It was around 1996 when on a normal Wednesday night we gathered for practice, Stu asked us if we fancied playing a gig in a prison. He had a relative who organised entertainment for the inmates HMP Longriggend (which has since closed). We had reservations, as four young guys all we knew about prison was the stuff you saw on television. Prisoner: Cell Block H was terrifying… However when Stu added that it would be our first paid gig we quickly manned up, did a few push ups and agreed to play.
We had to learn a few of our first cover songs to mix in with our own numbers; and we hired Jim Dunbar to do the sound. For additional support we brought our friends John Baines and Ruari Pearson. For the purposes of security Stu had to phone the prison with the names of our party. For some reason he couldn’t remember Ruari’s surname so under a bit of pressure from the gruff voice of the warder on the line, Stu said Ruari’s name was John, John Ruari…
Longriggend was located near Airdrie and as you drove along the winding B803 taking in the desolate back farmland your eyes would be drawn up the hill towards the walls of the prison, it was an eerie scene often shrouded by the clouds that hung to the hillside.
On the day of our gig we drove up to the gatehouse unsure what lie ahead. It was the late 90’s and while the prisons had settled back to some sort of normally after the turbulent start to the decade there was still an imposing welcome at the gate.
We gave our names. Ruari gave his; Rurai Pearson he said to the guard. Sorry we don’t have that name stated the gatekeeper. Derek whispered, today you’re John Ruari. ‘John Ruari’ said Ruari. Finally we were in.
We were led around to the games hall past the prison wings; the cell windows were adorned with steel bars no doubt there was an unknown soul awaiting his fate from the courts locked within. Barbed wire hung to every wall. Some of the inmates were having a kick about in a five aside pitch they took little interest as we passed.
The guard escorting us pointed to a parking bay and showed us inside the hall. Some prisoners were in the wing adjacent, staring at us through a grill gate as we went in. Intimidating to anyone first entering these institutions however to the guards this was just another backshift.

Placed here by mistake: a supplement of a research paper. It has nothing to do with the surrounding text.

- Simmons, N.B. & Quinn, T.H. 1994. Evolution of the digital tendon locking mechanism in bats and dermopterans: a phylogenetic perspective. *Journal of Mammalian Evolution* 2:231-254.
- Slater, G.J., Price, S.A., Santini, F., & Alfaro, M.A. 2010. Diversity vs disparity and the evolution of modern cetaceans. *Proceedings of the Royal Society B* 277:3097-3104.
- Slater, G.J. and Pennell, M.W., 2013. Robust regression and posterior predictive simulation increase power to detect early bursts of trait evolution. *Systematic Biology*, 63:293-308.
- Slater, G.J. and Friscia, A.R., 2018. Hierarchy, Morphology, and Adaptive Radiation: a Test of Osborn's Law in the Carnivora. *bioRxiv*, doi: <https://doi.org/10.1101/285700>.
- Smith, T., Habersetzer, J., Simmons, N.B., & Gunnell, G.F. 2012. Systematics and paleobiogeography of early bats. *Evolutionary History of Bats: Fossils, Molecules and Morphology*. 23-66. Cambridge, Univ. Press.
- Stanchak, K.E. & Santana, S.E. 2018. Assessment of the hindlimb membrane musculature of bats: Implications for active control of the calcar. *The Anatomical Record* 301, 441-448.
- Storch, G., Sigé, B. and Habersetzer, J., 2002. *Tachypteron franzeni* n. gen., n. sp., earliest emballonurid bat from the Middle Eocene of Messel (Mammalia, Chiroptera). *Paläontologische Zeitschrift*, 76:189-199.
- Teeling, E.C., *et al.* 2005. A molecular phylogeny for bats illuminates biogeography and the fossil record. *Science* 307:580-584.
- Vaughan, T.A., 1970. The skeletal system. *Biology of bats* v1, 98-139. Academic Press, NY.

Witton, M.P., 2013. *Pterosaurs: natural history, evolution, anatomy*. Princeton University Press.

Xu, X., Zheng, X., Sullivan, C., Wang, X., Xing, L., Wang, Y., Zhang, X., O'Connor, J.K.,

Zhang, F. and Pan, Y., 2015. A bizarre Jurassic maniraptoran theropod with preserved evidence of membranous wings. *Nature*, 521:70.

It didn’t take long for us to set up, Jim turned up the volume and it was loud. Time passed and slowly the prisoners shuffled into the hall in an orderly fashion and took their seats. Derek noticed a couple of guys from our school that had wandered onto the wrong side of the law. Not one of the guys heckled us, indeed they seemed happy to be free from the confines of their cells. When we started playing things changed slightly.
As we launched into our first songs some of the prisoners walked out to the toilet. A few minutes later they came back with toilet roll stuffed into their ears. Others sad impassively, some laughed as I tried to rock out to the music.
It was a fine gig though and our inhibitions were unfounded; for as we neared the end of our set the power cut and the lights went out…that was hairy but we got a warm round of applause at the end. It was nice to get paid, just a bit unnerving seeing the guard counting out the money in front of the captive audience!
A few weeks later Stu and I were in Glasgow picking up our printed demo tapes that were still to be filled with the audio tracks. As we headed down Sauchiehall street back to the station we heard a ‘hello’ from behind us. A young guy staggered towards us, ‘you guys played at the LRU didn’t ye?’ ‘eh yes’ we replied; ‘Brilliant you got me oot ma cell for the afternoon’. ‘I’ll buy wan eh yer tapes’ Stu tried to explain that the tapes were blank but he waved his words away. He handed us a couple of quid and stumbled down the busy street with one of our demos before disappearing into the mass of shoppers.